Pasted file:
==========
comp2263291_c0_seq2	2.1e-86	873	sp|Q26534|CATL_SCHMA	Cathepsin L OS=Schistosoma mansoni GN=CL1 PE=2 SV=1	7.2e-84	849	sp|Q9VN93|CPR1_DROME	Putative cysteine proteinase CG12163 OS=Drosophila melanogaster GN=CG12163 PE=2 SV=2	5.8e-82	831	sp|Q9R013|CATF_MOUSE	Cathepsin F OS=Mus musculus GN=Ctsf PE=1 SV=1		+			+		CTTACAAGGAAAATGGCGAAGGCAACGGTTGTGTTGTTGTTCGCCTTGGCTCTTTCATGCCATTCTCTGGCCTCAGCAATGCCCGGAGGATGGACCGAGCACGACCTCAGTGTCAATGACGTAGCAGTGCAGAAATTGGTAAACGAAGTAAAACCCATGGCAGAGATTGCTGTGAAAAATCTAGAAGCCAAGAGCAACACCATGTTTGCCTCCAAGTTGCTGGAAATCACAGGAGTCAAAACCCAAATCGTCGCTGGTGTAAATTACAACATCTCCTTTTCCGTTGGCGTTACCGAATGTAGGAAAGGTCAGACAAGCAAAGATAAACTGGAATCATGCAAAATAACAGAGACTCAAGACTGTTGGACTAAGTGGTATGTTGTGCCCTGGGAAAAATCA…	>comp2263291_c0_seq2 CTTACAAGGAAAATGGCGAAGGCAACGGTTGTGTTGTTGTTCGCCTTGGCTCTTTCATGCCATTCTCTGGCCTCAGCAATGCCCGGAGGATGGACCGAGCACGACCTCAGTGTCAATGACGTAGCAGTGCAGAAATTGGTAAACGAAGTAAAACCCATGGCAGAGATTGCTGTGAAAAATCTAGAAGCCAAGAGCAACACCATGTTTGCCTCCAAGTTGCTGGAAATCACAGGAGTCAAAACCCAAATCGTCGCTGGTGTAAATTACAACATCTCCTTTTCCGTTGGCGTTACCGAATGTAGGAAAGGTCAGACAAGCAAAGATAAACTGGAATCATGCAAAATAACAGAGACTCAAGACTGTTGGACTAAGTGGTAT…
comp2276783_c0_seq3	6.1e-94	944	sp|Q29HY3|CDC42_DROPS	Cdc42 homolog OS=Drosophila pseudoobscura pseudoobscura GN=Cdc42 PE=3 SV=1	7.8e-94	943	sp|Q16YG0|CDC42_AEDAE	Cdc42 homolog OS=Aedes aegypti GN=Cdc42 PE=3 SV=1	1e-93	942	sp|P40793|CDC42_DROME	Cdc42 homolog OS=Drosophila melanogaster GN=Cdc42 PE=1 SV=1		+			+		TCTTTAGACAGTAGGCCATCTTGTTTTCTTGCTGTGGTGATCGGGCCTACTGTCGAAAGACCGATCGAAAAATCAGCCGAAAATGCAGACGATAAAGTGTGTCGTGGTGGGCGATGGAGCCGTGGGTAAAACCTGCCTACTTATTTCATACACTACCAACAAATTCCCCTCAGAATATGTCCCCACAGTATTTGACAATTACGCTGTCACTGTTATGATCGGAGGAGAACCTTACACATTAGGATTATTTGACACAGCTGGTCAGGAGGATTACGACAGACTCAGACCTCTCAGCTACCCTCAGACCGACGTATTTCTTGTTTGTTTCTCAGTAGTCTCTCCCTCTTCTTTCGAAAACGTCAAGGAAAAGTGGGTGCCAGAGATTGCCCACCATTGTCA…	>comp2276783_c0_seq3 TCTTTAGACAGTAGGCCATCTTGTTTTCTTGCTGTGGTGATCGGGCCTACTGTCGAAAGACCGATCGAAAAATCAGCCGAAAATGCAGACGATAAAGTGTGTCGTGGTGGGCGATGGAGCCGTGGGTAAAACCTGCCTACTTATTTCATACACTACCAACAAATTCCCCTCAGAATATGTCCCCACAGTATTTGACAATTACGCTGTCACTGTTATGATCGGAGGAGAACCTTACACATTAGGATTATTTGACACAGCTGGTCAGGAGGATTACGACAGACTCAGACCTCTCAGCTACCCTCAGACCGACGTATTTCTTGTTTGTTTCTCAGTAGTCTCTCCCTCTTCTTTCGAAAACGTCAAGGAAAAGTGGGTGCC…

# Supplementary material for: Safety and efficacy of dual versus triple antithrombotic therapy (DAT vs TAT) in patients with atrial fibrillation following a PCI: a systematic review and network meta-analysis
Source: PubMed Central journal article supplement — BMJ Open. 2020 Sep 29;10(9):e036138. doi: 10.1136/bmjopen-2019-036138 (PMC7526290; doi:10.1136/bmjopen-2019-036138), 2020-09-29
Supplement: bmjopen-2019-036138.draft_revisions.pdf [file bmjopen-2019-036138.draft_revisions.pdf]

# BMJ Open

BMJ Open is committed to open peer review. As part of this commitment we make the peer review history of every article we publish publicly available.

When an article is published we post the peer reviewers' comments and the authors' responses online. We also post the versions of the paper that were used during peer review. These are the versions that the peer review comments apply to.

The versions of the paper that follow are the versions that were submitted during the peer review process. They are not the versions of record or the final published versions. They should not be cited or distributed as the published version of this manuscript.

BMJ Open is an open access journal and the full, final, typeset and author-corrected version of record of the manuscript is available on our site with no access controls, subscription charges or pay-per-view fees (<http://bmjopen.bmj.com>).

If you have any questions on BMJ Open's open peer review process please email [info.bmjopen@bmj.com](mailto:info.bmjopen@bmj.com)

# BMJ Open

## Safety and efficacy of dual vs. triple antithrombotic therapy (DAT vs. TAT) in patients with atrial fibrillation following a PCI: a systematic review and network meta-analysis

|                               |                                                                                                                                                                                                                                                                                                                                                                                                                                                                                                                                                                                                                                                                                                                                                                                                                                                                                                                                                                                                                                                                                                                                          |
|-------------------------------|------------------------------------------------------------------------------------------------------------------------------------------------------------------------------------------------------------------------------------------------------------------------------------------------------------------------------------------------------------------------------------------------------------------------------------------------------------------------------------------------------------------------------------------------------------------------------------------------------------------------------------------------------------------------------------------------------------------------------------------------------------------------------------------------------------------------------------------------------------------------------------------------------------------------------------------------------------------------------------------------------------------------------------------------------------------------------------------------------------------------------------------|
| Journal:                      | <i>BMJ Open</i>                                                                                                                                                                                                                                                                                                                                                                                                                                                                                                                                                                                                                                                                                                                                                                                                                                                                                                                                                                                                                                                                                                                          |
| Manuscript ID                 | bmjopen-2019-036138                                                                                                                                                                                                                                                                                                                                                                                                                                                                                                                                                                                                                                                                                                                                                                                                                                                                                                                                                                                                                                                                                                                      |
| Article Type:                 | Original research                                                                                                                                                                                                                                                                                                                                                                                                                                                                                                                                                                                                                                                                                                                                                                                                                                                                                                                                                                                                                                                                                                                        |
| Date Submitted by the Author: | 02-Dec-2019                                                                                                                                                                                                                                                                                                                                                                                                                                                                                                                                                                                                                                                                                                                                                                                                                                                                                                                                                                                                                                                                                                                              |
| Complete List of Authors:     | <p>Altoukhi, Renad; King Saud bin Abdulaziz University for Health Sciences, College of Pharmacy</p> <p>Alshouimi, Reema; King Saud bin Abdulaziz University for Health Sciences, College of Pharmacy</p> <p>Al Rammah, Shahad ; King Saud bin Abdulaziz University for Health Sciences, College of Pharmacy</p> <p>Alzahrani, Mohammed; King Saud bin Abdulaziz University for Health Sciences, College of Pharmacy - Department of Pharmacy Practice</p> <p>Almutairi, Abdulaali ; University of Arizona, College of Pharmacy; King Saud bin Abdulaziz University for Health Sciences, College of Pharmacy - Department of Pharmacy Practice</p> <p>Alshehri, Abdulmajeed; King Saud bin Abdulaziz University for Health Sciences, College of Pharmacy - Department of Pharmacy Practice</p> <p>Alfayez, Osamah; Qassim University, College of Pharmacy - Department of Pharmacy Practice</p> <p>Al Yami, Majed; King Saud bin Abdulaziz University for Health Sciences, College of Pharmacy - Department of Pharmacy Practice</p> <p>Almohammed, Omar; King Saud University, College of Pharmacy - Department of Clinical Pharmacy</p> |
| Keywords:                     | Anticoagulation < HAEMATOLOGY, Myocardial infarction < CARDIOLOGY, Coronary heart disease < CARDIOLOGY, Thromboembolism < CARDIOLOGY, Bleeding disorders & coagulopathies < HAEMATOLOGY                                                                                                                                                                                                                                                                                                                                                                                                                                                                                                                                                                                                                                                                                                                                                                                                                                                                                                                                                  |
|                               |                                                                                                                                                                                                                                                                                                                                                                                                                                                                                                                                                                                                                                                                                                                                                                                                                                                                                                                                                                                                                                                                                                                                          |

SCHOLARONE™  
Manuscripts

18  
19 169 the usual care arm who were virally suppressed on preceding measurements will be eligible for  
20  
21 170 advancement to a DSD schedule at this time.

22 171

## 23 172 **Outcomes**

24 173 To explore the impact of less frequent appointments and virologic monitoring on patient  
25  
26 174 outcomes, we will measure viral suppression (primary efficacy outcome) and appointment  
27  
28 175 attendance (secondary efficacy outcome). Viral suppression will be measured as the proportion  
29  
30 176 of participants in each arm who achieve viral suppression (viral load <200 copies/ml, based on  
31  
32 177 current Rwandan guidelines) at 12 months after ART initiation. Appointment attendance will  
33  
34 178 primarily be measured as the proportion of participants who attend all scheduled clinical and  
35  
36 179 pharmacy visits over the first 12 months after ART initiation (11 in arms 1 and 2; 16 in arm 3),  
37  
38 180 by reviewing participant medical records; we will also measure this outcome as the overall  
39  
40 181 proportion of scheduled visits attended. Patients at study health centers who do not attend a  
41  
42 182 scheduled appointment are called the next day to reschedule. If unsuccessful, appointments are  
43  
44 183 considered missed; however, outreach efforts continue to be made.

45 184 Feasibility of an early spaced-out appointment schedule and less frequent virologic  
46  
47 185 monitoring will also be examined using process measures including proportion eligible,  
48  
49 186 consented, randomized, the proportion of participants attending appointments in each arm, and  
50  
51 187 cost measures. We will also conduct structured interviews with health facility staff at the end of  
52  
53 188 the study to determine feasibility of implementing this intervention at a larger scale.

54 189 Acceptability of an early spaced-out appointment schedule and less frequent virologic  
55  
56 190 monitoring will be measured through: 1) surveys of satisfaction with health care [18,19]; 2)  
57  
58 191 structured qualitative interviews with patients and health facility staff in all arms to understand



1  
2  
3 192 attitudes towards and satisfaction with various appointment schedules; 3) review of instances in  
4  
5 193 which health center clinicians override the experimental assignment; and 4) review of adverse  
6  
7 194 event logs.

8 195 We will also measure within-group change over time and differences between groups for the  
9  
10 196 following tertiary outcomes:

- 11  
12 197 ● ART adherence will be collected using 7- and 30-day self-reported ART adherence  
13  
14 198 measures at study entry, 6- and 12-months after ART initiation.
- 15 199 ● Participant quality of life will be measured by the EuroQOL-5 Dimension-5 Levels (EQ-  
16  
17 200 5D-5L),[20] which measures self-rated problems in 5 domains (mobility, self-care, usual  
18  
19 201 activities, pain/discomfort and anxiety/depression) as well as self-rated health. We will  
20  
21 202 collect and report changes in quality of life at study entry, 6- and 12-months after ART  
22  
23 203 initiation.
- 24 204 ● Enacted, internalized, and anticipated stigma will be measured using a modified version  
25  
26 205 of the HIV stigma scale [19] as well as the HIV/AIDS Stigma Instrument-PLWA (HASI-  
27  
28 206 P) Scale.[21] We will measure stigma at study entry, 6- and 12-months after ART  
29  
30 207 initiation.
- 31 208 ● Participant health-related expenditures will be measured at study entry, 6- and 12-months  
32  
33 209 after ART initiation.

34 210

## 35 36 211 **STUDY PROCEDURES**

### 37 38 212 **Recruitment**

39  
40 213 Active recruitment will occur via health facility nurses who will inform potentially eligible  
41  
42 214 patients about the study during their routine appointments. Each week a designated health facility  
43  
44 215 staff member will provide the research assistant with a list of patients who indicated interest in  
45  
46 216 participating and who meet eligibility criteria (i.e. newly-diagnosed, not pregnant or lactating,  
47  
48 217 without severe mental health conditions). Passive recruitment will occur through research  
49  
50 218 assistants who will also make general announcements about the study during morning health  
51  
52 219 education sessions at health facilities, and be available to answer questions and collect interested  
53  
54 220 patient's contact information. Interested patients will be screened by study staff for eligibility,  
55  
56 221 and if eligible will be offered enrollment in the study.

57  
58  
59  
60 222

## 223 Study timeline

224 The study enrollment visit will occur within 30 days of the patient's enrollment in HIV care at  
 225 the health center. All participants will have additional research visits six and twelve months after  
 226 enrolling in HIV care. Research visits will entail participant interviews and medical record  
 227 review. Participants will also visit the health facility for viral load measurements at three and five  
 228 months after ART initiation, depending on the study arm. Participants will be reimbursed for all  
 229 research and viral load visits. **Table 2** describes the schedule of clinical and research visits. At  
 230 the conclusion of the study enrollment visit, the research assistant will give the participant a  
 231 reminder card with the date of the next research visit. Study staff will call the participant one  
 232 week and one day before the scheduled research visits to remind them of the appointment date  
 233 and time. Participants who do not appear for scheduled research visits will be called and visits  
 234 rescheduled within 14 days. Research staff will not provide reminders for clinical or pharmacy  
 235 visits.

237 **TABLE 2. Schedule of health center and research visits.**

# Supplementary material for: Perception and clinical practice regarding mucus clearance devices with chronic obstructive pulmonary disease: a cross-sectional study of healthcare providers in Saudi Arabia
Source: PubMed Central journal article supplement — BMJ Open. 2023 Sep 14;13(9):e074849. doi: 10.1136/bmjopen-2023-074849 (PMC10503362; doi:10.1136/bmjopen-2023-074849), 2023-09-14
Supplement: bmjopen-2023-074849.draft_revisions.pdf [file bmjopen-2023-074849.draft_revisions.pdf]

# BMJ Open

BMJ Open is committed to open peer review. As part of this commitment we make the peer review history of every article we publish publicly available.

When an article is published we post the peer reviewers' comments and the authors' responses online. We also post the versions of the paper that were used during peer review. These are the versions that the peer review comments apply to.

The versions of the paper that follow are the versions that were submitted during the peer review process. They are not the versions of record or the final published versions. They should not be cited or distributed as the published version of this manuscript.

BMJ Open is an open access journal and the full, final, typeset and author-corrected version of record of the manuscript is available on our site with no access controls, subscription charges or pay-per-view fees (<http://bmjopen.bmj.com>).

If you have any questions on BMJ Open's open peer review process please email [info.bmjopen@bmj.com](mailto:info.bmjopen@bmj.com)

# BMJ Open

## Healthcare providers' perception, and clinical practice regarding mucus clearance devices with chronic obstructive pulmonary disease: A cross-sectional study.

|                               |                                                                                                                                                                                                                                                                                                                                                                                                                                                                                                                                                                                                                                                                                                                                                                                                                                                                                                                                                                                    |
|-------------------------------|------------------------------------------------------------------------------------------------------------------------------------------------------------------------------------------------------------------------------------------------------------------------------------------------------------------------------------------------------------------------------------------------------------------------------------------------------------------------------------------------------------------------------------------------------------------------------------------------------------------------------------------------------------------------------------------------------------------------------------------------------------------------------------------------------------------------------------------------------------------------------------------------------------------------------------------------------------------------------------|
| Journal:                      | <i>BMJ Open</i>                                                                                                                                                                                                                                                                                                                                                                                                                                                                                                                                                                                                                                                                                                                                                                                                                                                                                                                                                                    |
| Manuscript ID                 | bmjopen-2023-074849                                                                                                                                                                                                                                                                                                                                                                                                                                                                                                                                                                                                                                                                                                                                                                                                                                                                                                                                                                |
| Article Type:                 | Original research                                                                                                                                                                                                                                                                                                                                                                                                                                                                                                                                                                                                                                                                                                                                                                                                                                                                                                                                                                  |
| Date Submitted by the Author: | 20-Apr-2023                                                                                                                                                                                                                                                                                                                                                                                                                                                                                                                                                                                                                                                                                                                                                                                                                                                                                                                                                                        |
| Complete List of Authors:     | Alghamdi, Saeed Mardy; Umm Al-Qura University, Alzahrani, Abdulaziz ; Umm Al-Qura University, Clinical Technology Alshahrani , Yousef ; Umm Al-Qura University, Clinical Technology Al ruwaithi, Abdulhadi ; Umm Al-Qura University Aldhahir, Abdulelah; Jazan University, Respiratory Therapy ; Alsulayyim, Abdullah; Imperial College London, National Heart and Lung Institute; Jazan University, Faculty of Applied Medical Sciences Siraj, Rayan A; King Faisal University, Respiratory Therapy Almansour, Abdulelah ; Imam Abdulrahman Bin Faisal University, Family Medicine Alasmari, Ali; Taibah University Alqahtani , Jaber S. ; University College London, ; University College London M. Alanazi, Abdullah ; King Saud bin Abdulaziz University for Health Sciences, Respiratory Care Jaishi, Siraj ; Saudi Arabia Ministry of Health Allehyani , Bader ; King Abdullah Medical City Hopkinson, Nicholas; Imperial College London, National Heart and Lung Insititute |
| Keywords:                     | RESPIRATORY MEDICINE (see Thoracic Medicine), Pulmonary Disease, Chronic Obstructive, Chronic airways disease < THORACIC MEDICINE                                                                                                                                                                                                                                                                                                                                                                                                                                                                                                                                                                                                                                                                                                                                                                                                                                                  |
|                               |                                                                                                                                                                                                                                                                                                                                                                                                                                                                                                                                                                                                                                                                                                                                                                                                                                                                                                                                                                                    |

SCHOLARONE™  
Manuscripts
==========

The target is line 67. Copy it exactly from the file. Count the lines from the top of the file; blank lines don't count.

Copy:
2  